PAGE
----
It seems in Canada there is always a debate going on over using the most politically correct name for places. Currently this is popping up in Vancouver around Stanley Park. The gist of the debate is the Squamish First Nation is asking Stanley Park be re-named Xwayxway, to honour the village that was once located on the peninsula. This is a contentious issue for two reasons. First, there is a precedent for re-naming places to reflect their First Nations roots. This is the politically correct way of dealing with the sense of liberal guilt so easily invoked when the spectre of settler/government/church treatment of First Nations over the past centuries is summoned. In a number of cases this is the correct action, but in the case of Stanley Park it is not the appropriate response because reason number two – since 1888 Vancouver boosters have sold Stanley Park to tourists. Asking for Stanley Park to be re-named Xwayxway Park is paramount to asking Lake Louise to be re-named Ho-run-num-nay, or what the Stoney Nakoda called the lake. It would not fly. It would confuse tourists to no end. It would be a public relations nightmare.
In the Bow Valley there is an excellent, and recent, example of an instance when re-naming a place in the tourist area was justified and successful. There is a peak overlooking the town of Canmore, Alberta located on far west end of Mount Lawrence Grassi and across White Man’s Gap from E.E.O.R (East End of Rundle) on the Rundle Massive that from 1896 to 1998 was named Chinaman’s Peak. Not the most culturally or racially sensitive name in 1886 or 1998, and made worse because since 1896 the name of the Chinese man the peak was called after has been known.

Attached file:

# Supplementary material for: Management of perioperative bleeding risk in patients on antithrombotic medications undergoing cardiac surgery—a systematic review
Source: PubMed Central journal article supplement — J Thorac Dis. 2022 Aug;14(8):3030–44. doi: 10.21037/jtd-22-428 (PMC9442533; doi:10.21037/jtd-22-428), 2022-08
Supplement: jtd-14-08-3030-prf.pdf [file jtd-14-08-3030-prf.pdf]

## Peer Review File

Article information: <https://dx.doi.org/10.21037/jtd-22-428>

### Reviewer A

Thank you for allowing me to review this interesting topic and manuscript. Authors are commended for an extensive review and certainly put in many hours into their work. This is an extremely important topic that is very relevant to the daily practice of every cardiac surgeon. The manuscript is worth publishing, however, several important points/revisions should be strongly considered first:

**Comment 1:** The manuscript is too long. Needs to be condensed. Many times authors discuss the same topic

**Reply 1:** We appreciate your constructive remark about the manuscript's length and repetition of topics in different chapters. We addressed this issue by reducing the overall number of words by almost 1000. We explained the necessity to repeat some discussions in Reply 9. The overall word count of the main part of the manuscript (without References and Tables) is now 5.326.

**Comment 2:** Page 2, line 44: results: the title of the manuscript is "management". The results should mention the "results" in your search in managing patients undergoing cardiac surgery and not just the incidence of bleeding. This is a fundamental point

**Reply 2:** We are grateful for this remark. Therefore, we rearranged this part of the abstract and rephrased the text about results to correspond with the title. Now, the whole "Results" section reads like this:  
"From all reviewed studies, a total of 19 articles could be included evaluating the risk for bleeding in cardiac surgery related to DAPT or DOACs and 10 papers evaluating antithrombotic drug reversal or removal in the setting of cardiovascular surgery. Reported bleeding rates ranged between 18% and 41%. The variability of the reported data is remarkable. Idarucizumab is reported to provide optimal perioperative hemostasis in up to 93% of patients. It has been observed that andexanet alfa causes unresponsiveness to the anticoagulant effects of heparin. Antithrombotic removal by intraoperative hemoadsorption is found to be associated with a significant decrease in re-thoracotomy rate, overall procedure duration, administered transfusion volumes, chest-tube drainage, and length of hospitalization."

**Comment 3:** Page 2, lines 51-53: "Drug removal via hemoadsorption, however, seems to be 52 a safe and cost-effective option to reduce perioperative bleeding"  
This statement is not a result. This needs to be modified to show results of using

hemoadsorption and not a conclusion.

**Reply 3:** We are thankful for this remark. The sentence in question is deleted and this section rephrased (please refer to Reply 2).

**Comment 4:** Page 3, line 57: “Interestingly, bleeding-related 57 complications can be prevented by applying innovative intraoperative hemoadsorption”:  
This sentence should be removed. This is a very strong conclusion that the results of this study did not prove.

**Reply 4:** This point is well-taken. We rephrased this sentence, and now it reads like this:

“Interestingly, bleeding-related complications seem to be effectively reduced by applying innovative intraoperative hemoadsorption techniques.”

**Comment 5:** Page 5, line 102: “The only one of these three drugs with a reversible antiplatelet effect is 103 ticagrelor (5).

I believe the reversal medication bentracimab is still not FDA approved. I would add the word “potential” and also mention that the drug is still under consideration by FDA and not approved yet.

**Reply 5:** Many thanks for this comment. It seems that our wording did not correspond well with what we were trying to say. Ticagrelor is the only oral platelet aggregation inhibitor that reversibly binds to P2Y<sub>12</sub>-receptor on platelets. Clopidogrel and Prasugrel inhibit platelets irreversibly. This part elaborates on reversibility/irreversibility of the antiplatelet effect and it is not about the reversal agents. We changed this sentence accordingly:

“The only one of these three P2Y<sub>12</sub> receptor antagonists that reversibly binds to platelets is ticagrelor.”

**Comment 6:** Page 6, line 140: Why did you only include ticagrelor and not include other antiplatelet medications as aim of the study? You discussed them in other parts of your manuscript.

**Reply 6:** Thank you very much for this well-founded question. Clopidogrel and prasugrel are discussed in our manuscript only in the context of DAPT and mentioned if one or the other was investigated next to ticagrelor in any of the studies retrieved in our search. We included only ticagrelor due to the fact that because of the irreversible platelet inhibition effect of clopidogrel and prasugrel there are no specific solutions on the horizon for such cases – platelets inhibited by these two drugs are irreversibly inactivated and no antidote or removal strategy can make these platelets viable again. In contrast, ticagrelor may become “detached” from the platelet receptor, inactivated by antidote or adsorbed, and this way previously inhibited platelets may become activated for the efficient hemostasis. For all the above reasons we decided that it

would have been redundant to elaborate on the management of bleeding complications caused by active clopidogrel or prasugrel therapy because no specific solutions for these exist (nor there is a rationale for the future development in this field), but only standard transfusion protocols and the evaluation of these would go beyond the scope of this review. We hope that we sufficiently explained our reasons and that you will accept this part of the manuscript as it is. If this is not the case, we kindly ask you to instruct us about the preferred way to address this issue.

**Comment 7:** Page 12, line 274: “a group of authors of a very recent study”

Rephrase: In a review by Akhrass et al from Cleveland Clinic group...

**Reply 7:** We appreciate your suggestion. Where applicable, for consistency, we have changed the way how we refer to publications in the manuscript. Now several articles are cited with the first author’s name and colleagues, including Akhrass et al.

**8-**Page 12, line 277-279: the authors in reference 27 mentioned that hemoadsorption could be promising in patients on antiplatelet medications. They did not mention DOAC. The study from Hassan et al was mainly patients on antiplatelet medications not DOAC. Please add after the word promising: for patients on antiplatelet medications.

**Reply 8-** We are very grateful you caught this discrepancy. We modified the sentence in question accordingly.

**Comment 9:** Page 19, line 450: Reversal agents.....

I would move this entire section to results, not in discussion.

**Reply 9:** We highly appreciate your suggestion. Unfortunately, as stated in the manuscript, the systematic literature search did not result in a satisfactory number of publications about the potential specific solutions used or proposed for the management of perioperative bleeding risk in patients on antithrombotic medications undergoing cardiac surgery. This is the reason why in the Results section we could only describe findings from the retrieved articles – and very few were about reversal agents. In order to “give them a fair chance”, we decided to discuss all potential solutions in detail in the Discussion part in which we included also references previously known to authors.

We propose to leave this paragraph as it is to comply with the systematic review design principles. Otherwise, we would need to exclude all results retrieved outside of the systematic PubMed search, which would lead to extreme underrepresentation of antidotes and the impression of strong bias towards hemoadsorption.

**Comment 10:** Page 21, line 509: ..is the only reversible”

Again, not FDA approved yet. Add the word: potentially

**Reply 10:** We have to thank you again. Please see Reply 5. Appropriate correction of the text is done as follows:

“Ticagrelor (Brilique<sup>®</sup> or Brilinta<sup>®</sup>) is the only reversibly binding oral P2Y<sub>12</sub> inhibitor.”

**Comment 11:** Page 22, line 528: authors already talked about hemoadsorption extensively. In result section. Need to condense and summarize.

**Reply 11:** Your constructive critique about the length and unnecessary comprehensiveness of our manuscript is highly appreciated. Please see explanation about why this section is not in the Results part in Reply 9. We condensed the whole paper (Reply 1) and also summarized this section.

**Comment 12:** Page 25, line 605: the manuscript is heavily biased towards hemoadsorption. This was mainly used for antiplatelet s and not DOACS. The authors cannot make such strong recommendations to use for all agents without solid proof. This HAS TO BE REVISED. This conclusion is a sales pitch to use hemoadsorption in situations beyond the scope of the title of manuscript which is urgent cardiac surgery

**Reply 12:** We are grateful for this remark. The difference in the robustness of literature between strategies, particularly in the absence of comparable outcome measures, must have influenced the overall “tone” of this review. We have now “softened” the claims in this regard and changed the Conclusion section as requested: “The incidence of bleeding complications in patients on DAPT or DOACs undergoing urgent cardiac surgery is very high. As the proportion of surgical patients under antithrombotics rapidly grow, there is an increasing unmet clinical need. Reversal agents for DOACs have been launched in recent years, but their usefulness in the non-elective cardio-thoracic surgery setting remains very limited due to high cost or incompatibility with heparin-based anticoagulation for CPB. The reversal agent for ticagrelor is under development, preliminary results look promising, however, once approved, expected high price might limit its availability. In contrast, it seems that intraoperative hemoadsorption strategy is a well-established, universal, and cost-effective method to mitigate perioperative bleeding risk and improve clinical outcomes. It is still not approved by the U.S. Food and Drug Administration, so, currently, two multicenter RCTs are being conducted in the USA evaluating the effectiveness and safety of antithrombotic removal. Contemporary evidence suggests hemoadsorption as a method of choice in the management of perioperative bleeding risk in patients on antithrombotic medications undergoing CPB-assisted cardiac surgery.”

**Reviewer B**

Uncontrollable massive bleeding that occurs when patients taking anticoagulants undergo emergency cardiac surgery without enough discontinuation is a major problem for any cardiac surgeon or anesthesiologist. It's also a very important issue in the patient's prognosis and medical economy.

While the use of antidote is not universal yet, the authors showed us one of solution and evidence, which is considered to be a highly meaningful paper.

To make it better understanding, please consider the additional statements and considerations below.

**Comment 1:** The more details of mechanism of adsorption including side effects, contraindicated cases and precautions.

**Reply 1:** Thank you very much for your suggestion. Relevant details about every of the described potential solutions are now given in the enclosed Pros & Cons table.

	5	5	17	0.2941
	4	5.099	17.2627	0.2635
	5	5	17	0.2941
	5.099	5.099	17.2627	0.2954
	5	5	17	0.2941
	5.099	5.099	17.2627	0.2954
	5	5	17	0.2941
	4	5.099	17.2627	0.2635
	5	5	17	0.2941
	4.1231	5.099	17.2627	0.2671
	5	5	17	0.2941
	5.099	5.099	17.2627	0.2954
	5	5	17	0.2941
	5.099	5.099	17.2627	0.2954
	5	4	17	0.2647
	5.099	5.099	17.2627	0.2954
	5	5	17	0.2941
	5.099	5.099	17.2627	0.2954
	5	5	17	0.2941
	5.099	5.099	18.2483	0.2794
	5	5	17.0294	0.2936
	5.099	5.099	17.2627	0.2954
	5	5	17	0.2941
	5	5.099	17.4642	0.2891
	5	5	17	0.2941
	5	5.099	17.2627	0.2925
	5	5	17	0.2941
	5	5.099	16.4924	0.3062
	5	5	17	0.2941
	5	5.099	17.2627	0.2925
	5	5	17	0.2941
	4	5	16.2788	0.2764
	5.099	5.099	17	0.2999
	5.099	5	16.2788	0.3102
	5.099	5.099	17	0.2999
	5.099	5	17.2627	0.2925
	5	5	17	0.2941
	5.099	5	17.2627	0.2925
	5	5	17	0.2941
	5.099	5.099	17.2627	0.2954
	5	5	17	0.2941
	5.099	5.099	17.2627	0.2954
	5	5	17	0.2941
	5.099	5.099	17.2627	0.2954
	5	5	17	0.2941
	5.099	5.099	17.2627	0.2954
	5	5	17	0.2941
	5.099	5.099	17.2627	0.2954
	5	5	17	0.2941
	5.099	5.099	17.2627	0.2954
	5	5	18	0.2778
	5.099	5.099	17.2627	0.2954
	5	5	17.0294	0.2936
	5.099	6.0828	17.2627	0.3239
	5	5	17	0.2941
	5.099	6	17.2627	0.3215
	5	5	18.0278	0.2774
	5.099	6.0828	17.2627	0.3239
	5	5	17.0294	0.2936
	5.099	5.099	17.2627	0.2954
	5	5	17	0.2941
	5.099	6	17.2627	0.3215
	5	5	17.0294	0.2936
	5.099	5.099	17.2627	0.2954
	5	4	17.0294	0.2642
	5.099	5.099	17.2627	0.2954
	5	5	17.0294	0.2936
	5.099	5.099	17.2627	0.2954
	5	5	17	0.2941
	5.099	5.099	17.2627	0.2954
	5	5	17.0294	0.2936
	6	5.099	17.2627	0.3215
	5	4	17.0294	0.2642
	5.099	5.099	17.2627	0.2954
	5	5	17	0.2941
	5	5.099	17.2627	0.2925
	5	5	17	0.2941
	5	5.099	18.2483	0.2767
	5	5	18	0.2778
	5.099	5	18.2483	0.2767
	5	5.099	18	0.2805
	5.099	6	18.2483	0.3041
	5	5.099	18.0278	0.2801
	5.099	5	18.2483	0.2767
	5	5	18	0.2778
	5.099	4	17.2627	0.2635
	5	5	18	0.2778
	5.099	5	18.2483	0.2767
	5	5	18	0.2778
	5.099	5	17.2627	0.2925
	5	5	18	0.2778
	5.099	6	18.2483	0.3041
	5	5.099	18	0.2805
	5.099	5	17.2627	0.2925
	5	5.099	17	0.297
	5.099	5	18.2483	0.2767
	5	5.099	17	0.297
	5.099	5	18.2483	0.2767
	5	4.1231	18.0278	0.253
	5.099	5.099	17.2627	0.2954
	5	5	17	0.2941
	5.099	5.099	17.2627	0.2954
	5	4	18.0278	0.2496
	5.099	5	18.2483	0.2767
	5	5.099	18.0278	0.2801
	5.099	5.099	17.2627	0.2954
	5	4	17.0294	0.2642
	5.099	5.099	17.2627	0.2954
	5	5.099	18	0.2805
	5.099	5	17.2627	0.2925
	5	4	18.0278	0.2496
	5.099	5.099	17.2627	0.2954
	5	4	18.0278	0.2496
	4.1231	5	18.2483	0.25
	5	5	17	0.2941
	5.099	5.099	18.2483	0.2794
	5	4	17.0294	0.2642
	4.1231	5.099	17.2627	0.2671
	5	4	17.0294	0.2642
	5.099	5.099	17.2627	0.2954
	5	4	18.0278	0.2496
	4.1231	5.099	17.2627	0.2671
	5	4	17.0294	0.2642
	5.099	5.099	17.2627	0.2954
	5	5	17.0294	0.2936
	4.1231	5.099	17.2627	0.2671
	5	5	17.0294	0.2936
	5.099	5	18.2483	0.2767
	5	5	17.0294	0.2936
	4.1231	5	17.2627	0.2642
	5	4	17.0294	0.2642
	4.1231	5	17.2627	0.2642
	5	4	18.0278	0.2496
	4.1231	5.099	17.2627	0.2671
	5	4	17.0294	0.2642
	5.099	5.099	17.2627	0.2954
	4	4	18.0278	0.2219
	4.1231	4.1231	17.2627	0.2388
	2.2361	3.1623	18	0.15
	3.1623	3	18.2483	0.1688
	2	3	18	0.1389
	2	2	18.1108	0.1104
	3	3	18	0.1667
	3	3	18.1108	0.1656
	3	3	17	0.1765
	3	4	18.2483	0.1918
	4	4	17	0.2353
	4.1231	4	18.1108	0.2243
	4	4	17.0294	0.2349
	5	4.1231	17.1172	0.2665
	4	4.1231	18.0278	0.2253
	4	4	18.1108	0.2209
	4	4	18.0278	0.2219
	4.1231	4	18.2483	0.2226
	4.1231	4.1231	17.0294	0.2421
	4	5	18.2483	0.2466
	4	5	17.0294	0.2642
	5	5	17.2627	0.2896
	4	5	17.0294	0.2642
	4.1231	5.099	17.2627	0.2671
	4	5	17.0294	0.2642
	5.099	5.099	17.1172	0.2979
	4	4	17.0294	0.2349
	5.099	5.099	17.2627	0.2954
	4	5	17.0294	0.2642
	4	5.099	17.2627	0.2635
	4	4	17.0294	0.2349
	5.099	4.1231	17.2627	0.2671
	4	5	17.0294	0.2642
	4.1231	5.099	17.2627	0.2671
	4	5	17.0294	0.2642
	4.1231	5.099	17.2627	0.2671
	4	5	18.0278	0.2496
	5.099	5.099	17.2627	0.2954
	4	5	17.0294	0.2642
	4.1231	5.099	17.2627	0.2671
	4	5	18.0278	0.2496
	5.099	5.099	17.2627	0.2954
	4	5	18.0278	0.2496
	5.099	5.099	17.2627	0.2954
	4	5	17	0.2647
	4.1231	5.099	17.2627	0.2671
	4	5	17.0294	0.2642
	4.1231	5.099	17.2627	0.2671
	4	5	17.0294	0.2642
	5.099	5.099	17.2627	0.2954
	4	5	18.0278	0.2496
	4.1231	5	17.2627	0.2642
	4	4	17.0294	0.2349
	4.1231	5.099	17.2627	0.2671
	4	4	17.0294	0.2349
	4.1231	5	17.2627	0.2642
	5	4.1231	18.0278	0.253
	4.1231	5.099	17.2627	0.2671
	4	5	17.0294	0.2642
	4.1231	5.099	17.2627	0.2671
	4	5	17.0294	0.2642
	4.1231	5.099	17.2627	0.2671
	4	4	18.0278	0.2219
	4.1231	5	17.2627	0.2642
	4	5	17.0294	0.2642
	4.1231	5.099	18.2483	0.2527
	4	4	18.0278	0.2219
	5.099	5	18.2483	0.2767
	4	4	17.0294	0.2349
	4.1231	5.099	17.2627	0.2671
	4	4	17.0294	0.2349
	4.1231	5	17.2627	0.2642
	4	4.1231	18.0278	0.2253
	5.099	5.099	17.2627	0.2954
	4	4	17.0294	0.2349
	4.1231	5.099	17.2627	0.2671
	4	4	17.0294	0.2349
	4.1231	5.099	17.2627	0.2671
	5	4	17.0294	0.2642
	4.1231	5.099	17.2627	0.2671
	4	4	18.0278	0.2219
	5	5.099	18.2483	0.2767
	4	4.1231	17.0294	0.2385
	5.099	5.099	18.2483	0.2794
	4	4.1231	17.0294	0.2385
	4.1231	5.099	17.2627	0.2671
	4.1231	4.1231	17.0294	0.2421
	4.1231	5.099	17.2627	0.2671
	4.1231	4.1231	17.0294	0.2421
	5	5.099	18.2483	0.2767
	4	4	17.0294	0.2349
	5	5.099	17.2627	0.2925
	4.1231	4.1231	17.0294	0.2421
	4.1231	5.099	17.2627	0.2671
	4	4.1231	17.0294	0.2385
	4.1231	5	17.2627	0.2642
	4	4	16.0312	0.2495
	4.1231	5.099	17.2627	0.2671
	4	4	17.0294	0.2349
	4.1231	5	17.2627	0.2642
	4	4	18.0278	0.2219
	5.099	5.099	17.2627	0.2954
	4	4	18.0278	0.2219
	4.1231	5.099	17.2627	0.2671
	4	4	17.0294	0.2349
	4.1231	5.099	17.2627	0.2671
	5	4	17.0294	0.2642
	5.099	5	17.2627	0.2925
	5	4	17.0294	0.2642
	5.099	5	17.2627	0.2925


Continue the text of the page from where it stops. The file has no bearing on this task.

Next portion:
In 1896 a Chinese man working as a cook at the Oskaloosa Hotel accepted a $50 bet he could not climb the peak to the east of White Man’s Gap in under 10 hours. To win the bet, he had to prove he had made the ascent a flag would be planted at the summit. The man left just after breakfast on a Saturday morning and was back in time for lunch. Unable to see the flag with their field glasses, the Chinese man climbed the peak a second time with a larger flag to prove he won the bet. The second ascent took longer, but with a twelve-foot flag planted in the summit there was no denying he had made it from valley to summit and back in under 6 hours. So the peak was named after the man, but instead of becoming Ha Ling Peak in 1896 a derogatory slang term was used and for over 100 years it was called Chinaman’s Peak. What Ha Ling accomplished is still a remarkable feat of mountain climbing. Even from the present trail head located part way up the slope it is a solid 3 hour return trip – often longer given the steep terrain, continuous switch-backs, and steep scramble above the tree line to get up to the saddle and summit.